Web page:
Intel® Performance Counter Monitor (Intel® PCM) is discontinued. Instead, we will contribute updates and new features to the fork Processor Counter Monitor on GitHub.
Short URL for this page: www.intel.com/software/pcm
Roman Dementiev, Thomas Willhalm, Otto Bruggeman, Patrick Fay, Patrick Ungerer, Austen Ott, Patrick Lu, James Harris, Phil Kerly, Patrick Konsor,Andrey Semin, Michael Kanaly, Ryan Brazones, Rahul Shah, Jacob Dobkins
The complexity of computing systems has tremendously increased over the last decades. Hierarchical cache subsystems, non-uniform memory, simultaneous multithreading and out-of-order execution have a huge impact on the performance and compute capacity of modern processors.
Software that understands and dynamically adjusts to resource utilization of modern processors has performance and power advantages. The Intel® Performance Counter Monitor provides sample C++ routines and utilities to estimate the internal resource utilization of the latest Intel® Xeon® and Core™ processors and gain a significant performance boost
CPU utilization number obtained from operating system (OS) is a metric that has been used for many purposes like product sizing, compute capacity planning, job scheduling, and so on. The current implementation of this metric (the number that the UNIX* "top" utility and the Windows* task manager report) shows the portion of time slots that the CPU scheduler in the OS could assign to execution of running programs or the OS itself; the rest of the time is idle. For compute-bound workloads, the CPU utilization metric calculated this way predicted the remaining CPU capacity very well for architectures of 80ies that had much more uniform and predictable performance compared to modern systems. The advances in computer architecture made this algorithm an unreliable metric because of introduction of multi core and multi CPU systems, multi-level caches, non-uniform memory, simultaneous multithreading (SMT), pipelining, out-of-order execution, etc.
A prominent example is the non-linear CPU utilization on processors with Intel® Hyper-Threading Technology (Intel® HT Technology). Intel® HT technology is a great performance feature that can boost performance by up to 30%. However, HT-unaware end users get easily confused by the reported CPU utilization: Consider an application that runs a single thread on each physical core. Then, the reported CPU utilization is 50% even though the application can use up to 70%-100% of the execution units. Details are explained in .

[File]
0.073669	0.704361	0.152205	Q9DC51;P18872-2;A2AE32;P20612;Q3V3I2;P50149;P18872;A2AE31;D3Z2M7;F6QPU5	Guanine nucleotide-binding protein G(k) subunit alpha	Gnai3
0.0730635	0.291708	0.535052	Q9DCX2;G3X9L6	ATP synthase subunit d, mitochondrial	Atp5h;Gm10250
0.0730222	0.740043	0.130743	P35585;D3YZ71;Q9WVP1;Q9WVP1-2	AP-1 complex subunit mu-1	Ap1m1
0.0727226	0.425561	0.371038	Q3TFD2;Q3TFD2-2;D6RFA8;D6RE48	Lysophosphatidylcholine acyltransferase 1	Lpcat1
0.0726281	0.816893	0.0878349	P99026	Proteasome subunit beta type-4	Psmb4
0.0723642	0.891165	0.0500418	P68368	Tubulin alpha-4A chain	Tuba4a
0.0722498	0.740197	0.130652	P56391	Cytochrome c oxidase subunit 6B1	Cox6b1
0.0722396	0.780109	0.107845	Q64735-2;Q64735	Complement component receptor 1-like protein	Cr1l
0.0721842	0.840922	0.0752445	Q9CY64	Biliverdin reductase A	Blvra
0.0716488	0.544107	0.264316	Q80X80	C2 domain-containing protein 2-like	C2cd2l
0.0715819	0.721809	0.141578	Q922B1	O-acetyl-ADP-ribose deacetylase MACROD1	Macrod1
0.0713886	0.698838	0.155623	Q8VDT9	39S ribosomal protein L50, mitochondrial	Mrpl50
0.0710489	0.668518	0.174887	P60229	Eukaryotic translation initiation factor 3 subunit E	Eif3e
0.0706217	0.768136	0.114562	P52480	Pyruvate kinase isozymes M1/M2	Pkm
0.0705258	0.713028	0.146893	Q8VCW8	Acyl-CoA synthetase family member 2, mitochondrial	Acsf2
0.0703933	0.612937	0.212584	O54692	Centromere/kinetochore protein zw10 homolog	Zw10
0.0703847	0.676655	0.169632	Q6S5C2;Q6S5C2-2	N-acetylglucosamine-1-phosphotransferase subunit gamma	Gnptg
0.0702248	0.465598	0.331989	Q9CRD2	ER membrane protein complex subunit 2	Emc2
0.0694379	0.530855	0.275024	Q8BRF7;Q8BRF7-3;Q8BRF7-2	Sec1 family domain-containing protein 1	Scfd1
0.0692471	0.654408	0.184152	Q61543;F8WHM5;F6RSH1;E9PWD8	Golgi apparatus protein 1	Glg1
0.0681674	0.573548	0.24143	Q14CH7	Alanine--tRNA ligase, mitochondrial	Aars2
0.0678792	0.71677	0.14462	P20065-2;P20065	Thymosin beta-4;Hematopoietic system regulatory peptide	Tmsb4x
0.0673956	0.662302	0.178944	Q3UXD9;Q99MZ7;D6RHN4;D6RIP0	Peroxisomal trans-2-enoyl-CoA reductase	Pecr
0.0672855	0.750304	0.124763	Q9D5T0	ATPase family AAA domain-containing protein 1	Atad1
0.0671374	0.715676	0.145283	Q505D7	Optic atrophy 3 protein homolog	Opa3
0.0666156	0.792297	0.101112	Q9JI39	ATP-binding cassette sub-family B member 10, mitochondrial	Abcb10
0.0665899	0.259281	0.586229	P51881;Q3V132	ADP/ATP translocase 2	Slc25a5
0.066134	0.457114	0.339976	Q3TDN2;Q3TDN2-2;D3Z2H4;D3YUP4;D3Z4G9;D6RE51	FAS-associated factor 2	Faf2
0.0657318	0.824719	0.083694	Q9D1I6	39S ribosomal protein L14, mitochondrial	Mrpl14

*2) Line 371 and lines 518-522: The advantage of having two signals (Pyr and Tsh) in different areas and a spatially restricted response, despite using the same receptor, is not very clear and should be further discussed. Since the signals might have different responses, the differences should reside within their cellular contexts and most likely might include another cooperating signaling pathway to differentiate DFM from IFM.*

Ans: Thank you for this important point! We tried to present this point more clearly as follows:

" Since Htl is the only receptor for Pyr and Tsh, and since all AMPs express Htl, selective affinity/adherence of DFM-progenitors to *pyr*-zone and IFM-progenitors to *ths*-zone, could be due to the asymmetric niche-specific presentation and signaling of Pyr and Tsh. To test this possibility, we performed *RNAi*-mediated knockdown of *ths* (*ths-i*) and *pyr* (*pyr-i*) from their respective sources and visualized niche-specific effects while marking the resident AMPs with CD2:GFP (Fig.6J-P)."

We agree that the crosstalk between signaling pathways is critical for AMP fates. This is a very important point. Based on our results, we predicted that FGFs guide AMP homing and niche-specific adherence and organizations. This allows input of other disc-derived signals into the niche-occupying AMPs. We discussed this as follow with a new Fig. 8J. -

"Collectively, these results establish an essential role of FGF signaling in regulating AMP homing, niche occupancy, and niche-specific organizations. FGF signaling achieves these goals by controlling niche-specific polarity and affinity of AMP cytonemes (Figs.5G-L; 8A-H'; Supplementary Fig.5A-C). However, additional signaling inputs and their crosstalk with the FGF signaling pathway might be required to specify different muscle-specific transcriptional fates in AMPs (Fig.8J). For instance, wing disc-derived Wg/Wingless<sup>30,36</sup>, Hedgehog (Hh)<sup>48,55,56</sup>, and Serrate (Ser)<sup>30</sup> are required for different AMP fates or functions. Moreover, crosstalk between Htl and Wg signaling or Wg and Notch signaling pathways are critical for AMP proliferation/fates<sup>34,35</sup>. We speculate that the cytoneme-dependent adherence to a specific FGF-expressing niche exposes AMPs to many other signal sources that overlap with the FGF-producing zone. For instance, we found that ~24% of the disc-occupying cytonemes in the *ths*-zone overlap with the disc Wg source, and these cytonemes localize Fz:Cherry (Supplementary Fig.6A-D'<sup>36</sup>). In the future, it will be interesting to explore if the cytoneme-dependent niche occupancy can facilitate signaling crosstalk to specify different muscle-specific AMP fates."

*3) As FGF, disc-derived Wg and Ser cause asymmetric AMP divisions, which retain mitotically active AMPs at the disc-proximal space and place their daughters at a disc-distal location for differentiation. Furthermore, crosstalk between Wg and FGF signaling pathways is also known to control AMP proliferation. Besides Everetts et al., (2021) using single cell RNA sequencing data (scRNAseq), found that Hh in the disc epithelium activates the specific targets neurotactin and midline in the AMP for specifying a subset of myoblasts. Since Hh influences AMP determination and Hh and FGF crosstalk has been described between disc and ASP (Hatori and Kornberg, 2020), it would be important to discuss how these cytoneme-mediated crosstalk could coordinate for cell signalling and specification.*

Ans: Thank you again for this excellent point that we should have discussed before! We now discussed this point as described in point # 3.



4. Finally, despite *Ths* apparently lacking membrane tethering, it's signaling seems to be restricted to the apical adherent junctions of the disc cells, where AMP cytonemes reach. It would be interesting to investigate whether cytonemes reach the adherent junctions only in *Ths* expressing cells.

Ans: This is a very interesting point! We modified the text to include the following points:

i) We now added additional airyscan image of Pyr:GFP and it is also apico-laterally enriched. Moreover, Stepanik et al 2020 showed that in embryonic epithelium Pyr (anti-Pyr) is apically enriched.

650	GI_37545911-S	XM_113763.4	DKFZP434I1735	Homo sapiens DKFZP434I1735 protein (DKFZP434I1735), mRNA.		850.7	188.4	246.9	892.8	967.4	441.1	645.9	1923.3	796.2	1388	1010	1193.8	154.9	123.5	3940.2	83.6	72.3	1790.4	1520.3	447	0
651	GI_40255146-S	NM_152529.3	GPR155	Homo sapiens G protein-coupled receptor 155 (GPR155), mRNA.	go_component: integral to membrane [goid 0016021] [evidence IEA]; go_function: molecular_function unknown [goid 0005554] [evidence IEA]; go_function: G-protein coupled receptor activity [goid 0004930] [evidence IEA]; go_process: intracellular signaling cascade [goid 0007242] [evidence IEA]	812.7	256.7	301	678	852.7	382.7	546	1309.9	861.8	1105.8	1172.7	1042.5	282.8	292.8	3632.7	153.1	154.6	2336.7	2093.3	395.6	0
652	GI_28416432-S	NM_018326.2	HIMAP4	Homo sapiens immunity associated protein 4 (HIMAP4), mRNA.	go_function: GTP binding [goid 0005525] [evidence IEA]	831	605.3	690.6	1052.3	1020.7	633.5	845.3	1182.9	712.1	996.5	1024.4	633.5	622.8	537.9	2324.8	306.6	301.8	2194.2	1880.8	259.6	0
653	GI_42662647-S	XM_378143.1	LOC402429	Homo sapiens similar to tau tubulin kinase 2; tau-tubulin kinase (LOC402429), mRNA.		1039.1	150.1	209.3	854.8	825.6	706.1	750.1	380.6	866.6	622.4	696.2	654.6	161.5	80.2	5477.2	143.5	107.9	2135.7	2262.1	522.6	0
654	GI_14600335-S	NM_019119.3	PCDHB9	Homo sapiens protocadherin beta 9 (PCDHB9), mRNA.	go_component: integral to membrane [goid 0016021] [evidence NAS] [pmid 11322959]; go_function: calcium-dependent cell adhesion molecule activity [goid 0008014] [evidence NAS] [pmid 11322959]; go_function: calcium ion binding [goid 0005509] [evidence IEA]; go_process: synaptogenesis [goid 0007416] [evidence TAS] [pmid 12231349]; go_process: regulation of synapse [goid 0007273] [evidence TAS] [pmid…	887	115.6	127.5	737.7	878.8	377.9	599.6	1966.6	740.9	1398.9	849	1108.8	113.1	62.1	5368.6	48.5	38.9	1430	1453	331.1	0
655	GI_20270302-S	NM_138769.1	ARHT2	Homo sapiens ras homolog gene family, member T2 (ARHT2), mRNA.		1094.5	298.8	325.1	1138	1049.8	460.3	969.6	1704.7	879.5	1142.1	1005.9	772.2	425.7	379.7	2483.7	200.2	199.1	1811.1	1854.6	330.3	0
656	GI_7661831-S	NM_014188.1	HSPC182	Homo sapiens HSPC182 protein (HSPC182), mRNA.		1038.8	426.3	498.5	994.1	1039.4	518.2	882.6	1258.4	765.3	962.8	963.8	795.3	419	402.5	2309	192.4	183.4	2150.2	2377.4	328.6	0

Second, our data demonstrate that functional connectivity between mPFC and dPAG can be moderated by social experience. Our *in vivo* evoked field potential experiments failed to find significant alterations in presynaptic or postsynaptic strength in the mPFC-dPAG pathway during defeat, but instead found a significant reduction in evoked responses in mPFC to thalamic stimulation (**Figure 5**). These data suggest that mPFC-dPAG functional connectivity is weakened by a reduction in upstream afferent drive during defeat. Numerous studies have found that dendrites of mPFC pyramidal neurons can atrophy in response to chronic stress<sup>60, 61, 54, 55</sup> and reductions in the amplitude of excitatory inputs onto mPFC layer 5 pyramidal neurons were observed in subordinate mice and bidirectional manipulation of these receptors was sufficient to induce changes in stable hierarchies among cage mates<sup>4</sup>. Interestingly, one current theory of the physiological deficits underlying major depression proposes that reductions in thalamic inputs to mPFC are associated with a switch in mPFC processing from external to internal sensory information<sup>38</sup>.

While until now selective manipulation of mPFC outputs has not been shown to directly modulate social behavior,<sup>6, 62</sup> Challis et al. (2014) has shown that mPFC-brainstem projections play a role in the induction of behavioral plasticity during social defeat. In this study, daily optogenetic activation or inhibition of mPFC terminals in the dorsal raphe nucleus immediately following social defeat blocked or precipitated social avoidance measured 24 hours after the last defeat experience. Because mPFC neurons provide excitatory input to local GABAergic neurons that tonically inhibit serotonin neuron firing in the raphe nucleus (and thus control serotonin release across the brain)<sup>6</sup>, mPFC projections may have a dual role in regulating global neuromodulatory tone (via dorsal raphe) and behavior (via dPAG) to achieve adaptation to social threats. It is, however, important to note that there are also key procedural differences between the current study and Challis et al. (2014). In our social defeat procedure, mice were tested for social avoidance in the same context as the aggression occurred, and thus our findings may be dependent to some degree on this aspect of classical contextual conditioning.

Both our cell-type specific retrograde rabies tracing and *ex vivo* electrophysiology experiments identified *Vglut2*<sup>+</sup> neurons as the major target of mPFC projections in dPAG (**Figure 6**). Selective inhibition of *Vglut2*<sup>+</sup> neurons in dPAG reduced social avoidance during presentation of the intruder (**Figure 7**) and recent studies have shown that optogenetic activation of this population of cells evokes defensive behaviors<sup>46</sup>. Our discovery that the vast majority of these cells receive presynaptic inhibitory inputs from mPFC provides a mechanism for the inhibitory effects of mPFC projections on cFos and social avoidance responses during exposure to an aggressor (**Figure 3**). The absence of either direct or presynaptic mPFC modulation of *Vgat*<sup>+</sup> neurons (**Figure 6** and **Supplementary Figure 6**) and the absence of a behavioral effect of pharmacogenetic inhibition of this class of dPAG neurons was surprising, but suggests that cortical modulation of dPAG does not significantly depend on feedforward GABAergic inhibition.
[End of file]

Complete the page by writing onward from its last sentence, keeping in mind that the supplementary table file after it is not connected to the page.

A different example is the CPU utilization for "memory throughput"-intensive workloads on multi-core systems. The bandwidth test "stream" already saturates the capacity of memory controller with fewer threads than there are cores available.
The good news is that Intel processors already provide the capability to monitor performance events inside processors. In order to obtain a more precise picture of CPU resource utilization we rely on the dynamic data obtained from the so-called performance monitoring units (PMU) implemented in Intel's processors. We concentrate on the advanced feature set available in the current Intel® Xeon® 5500, 5600, 7500, E5, E7 and Core i7 processor series [2-4].
We have implemented a basic set of routines with a high level interface that are callable from user C++ application and provide various CPU performance metrics in real-time. In contrast to other existing frameworks like PAPI* and Linux* "perf" we support not only core but also uncore PMUs of Intel processors (including the recent Intel® Xeon® E7 processor series). The uncore is the part of the processor that contains the integrated memory controller and the Intel® QuickPath Interconnect to the other processors and the I/O hub. In total, the following metrics are supported:
Intel® PCM version 1.5 (and later) also supports Intel® Atom™ processors but counters like memory and Intel® QPI bandwidth and L3 Cache Misses will always show 0 because there is no L3 Cache in the Intel® Atom™ processor and no on-die memory controller or Intel® QPI links.
Intel® PCM version 1.6 supports on-core performance metrics (like instructions per clock cycle, L3 cache misses) of 2nd generation Intel® Core™ processor family (Intel® microarchitecture code name Sandy Bridge) and an experimental support of some earlier Intel® microarchitectures (e.g. Penryn): it can be enabled by defining PCM_TEST_FALLBACK_TO_ATOM in the cpucounter.cpp.
As an additional goody, the package includes easy-to-use command line and graphical utilities that are based on these routines. They can be used out-of-the box by users which cannot or do not want to integrate the routines in their code but are willing to monitor and understand the CPU capacity limits in real-time.